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Outdoor Leadership Student Features: Read About What Our Students Have to Say

The Internal Battle Surrounding Value

Name: Josiah De Leon
Program: Outdoor Leadership (Explore)
     I have always been quick to judge people by their performance. Through Explore, I learned how to value myself and other people. It is a product of how I was raised coupled with the six years I spent in a cadet program. Growing up I thought I had to earn my keep. My parents had four kids so replacing me wouldn’t be a problem. When a machine breaks down and fixing it doesn’t work, you trash or part it. If an animal no longer does what it is supposed to, you put it down or sell it. So I reasoned people were the same. 

     Being in the Civil Air Patrol didn’t help either with ranks and specialties being earned through performance. Hard work got me a long ways in both areas and I naturally assumed this was applicable in all areas of life. Coming to Explore I soon realized I was not the best and not everyone else was. I soon had people grouped into two categories: those who should be here and those who shouldn’t. These groupings changed how I treated people. I either respected them or I ignored them. 

     After climbing rotation I began to realize my values were all messed up. After failing during climbing specialization I finally understood that I valued myself and others wrong. I’m still learning but, as of now I value people based on their effort. I still tend to value myself based on results but, I’m working to change it.

Truth Vs. Lies

Name: Luke Stewart
Program: Outdoor Leadership (Explore)
     Truth versus lies. The ultimate battle. Who will win? For most of my life, lies have been the victor. I was unaware of this until I came to Explore this year.

     During climbing specialization, I did not think that I had the ability to do a certain climb. Tim (one of my awesome instructors) saw my fear but also saw through my fear to a lie that I was believing. He knew that I had the ability to do the climb and spoke truth into my life by telling me that. At that moment I believed him, gave the climb my full effort, and made it to the top.

     “And you will know the truth, and the truth will set you free.” (John 8:32) These words from Jesus have a very personal meaning to me now. First, I have seen first hand how believing a lie can cripple me and how believing the truth gives me freedom. Second, I have seen that a lie always gives the easy way out of a situation. For me, believing the lie that I didn’t have what it took provided the easy way out. When I didn’t think that I could do it, I didn’t try. Yet all it took to break that lie was someone taking the time to recognize it, and speak truth into my life. Since I learned this, I have been searching my heart for other lies that I am believing and have been replacing them with God’s truth. Truth always wins.

What Does it Mean to Be a Leader Anyway?

Name: Molly Murdock
Program: Outdoor Leadership (Explore)
     The Explore Program at Prairie has been transformational for me, to say the least. I used to think leaders have all the answers and make few to zero mistakes, but after being in Explore, I have realized that all leaders, at some time or another, have experienced failure of some sort. However, failure is not final, and if you have a willingness and the humility to learn from your mistakes, you will grow in your ability to lead others well.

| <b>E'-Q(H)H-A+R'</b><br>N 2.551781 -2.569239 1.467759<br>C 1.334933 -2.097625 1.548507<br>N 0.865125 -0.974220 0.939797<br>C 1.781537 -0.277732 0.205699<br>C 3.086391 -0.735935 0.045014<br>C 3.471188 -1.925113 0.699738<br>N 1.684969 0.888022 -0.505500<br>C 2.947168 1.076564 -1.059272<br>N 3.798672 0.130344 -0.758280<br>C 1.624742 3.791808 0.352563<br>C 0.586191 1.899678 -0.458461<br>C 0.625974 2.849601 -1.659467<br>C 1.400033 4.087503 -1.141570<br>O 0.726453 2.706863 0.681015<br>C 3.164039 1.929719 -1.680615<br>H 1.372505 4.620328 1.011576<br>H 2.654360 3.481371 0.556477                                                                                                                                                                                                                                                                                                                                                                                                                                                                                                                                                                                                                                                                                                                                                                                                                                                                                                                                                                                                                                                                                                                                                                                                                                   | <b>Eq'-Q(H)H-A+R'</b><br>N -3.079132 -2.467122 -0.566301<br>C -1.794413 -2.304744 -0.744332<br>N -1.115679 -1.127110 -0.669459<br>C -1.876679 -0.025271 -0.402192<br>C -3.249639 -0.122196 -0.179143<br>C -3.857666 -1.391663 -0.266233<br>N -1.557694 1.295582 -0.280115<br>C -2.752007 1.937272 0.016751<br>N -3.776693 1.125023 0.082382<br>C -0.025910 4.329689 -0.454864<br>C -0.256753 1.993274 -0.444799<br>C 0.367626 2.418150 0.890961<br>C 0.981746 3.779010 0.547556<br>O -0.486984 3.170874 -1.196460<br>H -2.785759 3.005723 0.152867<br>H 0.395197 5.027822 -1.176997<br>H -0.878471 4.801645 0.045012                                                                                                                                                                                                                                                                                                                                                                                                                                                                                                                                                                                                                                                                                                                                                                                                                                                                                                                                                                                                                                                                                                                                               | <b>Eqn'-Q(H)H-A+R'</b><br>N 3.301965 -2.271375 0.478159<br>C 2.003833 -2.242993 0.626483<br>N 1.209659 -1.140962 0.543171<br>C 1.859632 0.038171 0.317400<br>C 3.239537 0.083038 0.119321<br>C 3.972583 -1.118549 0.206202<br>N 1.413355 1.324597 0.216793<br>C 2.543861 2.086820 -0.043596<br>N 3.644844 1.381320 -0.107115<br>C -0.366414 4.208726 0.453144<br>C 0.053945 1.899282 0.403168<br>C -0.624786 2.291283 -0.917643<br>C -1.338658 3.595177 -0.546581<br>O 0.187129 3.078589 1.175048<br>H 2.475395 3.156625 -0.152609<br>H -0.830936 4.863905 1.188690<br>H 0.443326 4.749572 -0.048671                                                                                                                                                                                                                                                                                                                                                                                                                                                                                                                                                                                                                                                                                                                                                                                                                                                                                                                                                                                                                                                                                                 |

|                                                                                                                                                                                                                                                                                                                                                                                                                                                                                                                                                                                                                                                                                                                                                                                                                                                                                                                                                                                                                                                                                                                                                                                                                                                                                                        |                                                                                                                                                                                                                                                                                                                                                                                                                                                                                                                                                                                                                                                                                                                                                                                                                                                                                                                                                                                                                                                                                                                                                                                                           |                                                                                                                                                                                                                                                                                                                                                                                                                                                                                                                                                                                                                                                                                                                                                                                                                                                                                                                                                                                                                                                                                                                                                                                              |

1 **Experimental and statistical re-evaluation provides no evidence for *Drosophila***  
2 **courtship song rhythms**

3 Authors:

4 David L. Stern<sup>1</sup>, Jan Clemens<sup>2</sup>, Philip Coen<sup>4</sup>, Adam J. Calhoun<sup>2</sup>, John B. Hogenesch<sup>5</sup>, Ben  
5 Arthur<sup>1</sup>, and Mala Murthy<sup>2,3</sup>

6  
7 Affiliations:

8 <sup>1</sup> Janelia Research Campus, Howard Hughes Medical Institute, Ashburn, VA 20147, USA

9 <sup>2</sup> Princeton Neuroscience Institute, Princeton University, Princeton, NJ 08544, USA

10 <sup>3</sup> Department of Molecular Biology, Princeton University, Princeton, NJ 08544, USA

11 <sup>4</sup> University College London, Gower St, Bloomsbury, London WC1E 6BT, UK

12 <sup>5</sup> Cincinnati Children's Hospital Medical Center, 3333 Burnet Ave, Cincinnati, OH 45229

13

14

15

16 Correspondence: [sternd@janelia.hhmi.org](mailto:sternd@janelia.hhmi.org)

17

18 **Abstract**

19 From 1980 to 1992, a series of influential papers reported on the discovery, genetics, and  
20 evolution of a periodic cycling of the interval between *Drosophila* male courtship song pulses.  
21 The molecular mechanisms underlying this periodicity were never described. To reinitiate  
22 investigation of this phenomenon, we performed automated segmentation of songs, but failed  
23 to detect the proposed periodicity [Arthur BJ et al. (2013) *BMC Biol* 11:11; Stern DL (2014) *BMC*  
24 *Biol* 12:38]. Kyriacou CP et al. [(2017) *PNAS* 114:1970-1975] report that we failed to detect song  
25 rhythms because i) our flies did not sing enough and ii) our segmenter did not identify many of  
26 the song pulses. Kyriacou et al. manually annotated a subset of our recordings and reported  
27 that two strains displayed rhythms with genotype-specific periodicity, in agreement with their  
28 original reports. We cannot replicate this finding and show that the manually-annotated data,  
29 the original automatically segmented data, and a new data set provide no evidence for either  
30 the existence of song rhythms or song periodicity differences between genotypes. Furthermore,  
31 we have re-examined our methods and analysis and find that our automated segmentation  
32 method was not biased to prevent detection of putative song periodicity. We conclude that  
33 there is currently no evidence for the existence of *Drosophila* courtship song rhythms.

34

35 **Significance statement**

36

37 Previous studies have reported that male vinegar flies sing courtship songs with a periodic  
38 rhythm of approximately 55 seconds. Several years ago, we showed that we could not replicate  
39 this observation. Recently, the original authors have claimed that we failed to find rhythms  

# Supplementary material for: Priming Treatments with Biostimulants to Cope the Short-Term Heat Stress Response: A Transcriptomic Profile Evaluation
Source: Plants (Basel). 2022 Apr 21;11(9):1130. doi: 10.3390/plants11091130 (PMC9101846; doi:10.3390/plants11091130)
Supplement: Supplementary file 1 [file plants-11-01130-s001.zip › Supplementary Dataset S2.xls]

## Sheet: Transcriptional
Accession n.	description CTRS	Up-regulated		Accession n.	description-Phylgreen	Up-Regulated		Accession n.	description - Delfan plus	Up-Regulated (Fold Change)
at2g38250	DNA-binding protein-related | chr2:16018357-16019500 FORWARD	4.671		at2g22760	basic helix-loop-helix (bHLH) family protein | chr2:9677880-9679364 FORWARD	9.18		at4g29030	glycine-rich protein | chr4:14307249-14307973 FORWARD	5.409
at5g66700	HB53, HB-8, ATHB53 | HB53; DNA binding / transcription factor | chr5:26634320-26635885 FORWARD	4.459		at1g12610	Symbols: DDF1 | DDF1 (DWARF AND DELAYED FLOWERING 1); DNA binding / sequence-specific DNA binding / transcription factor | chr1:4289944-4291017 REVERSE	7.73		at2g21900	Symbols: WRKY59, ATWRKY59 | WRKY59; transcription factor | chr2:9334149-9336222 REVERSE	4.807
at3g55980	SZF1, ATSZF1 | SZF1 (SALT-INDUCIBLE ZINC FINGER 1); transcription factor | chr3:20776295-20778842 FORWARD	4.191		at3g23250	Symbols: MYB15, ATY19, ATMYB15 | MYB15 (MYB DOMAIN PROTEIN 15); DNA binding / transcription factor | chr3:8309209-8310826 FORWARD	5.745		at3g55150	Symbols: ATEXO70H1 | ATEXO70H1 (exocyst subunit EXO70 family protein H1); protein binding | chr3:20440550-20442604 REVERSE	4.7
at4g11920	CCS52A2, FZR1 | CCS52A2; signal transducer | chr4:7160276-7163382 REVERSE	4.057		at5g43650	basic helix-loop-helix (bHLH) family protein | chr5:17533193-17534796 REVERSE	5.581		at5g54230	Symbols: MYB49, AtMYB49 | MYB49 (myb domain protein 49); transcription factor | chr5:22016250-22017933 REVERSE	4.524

A person leads out of who he or she is and Explore has done an exceptional job at creating an environment that is conducive to helping each student grow in godly character, confidence, and leadership skills. To lead well, is to submit oneself under the authority of Jesus Christ, have a willingness to learn and serve, and fully depend on Jesus in the task of leading others.
     Some of the skills/lessons I’ve learned at Prairie that I believe will be beneficial for the rest of my life are conflict management, understanding my performance is not equivalent to my worth or value, and that failure is not final.
     Another key thing the Explore Program has taught me is that God meets us in discomfort, whether it be a twenty- one day backpacking trip in the desert, building a shelter for winter survival, resolving relational conflict, or dealing with challenges in the work place. Faith grows most when it is put under pressure. There are many benefits to persevering, and how we approach discomfort can determine how much we grow through it.
     Putting my trust fully in God and depending on Him, is an area of life God has been teaching me in. God has used Explore to prepare me in embracing challenges such as the global pandemic and other life challenges. Psalm 23:1 says, “The LORD is my shepherd, I lack nothing.” When we let God shepherd and lead us, we lack absolutely nothing. When our identity is placed in Christ, we can have a sense of peace, even when the world around us is chaotic.

Outdoor Leadership (Explore)

     Deep discipleship and rigorous leadership development lie at the heart of our highly experiential outdoor leadership program.

     Explore provides an environment that empowers people to lead and influence others for the Kingdom of God. Through wilderness-based team adventures, integrated biblical education and real leadership opportunities, students will discover more about who God is and their role in His redemptive work.

     Building off of their first year experience, second year students have the opportunity to dive deeper into their understanding who God is by expanding their own leadership capacity, academic biblical studies, and advancing in their own outdoor skills with an emphasis on becoming “excellent, Kingdom-focused outdoor instructors.

Outdoor Leadership (Explore)

Want to find out more about Explore? Visit our website!

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